RTI Judgement Series: PIO and FAA failed to discharge their duties
The CIC said this was a blatant case where without any reasonable cause, both the PIO and FAA denied information to an elderly person about an affidavit claimed to have been filed by him. This is the 119th in a series of important judgements given by former Central Information Commissioner Shailesh Gandhi that can be used or quoted in an RTI application
The Central Information Commission (CIC), while allowing an appeal, issued a show-cause notice to the Public Information Officer (PIO) in the Department of Trade and Taxes (DTT) at the Government of the National Capital Territory of Delhi (GNCTD) for not furnishing information within the prescribed time limit under the Right to Information (RTI) Act.
While giving this judgement on 15 October 2009, Shailesh Gandhi, the then Central Information Commissioner, said, “The PIO and First Appellate Authority (FAA) have both failed to discharge their duties under the RTI Act. This is blatantly a case where without any reasonable cause information has been denied to an elderly person about the affidavit claim to have been given by him.”
Delhi resident Radhey Shyam Aggarwal, on 15 June 2009, sought information regarding copy of a no objection certificate and affidavit filed by him from the PIO of DTT at the GNCTD. Here is the information he sought from the PIO...
Copy of NOC/Affidavit of Radhey Shayam Aggarwal from the file of M/s Aggarwal Traders, TIN No.  in TIN/VAT no.07090325518 applied by Arun Kumar Gupta from Ward No19.
The PIO denied the information. He stated, “It is to inform you that as per Section 98 of Delhi Value Added Tax (DVAT) Act such information is prohibited, the same cannot be provided under RTI Act.”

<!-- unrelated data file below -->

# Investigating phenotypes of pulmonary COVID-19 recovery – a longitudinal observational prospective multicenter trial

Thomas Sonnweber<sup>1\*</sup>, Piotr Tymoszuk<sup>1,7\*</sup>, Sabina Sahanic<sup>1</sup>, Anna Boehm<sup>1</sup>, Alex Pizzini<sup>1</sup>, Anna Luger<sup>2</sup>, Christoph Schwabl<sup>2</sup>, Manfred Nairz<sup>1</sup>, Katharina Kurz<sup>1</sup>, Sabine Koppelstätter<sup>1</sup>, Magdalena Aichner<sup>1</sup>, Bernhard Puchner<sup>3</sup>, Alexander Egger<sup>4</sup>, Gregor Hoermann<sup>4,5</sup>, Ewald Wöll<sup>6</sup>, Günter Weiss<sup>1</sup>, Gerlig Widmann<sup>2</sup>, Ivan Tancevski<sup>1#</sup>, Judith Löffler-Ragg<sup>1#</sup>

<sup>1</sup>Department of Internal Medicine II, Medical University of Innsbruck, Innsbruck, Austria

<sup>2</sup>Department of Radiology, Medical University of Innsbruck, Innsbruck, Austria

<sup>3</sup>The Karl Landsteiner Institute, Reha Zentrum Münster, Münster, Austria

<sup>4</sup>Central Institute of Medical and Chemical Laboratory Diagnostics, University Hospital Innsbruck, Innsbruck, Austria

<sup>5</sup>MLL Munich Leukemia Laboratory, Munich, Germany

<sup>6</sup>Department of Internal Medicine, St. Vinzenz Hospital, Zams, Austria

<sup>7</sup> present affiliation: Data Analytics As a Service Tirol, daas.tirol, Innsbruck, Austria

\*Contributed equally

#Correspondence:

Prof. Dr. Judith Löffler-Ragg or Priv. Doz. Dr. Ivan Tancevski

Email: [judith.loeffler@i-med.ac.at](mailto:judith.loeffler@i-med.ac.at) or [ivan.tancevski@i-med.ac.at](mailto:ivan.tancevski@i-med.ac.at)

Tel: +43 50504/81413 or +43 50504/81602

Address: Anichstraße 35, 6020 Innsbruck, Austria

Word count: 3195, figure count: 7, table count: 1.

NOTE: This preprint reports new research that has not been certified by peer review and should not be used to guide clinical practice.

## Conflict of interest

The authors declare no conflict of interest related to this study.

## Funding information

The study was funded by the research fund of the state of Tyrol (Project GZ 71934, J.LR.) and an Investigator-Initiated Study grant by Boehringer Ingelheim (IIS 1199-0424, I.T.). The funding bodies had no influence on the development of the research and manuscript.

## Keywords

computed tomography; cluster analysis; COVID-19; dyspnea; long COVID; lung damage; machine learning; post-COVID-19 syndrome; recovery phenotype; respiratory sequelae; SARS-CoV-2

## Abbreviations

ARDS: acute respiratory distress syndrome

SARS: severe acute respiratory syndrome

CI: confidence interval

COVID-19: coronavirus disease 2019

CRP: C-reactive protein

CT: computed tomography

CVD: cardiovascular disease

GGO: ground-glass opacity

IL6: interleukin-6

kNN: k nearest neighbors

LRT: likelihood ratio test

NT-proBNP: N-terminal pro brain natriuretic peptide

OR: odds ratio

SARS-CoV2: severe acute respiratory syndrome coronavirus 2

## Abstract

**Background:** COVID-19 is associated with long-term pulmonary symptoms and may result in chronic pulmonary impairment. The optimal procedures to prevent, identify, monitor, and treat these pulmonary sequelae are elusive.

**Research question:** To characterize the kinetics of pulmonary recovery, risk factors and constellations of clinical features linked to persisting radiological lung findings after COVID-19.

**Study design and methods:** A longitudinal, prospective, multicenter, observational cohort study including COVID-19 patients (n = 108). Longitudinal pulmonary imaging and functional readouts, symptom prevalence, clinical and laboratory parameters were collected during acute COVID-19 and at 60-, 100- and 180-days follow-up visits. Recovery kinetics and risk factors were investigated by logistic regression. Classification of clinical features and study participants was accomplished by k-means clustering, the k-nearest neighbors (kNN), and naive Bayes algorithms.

Aggarwal, not satisfied with the reply, filed his first appeal. While upholding the PIO’s reply, the FAA in his order said, “I have gone through the reply given by the PIO, and do not find any infirmity in the same.  It is true that the PIO is prohibited under Section 98 of the DVAT Act to divulge the information to a third party.  Rather I would like to add M/s Aggarwal Traders has a fiduciary relationship with the Department of Trade & Taxes.  And as per Section 8 of the RTI Act, 2005, the PIO is not obliged to give any information relating to the said dealer to a third party (in this case the appellant).”
Not satisfied with the PIO’s reply and FAA’s order, Aggarwal, then approached the CIC. In his second appeal, he stated, “The PIO’s reply is illegal. The FAA has wrongly upheld the response of the PIO by holding that the PIO is prohibited under Section 98 of the DVAT Act to divulge the information to a third party and that M/s Aggarwal Traders has a fiduciary relationship with the Department of Trade & Taxes.”
During the hearing, Mr Gandhi, the then CIC, noted that the PIO without any application of mind has refused to give the information claiming that the VAT action does not permit to give the information. 
“In the instant case the appellant, an 80 year old senior citizen, had asked for a copy of an affidavit which he alleges was falsely given in his name to the Department. The PIO refused to give him the information purportedly given by him,” the CIC said.
Mr Gandhi said, “The FAA, in what appears to be collusion to deny and harass the citizen, suddenly claimed that the department gets the information in a fiduciary relationship. The department obtains the information in fulfilment of regulatory requirements but the FAA apparently would like to claim other relationships with people who prevent false affidavits.”
While allowing the appeal, the CIC directed the PIO to provide the information to Aggarwal before 30 October 2009.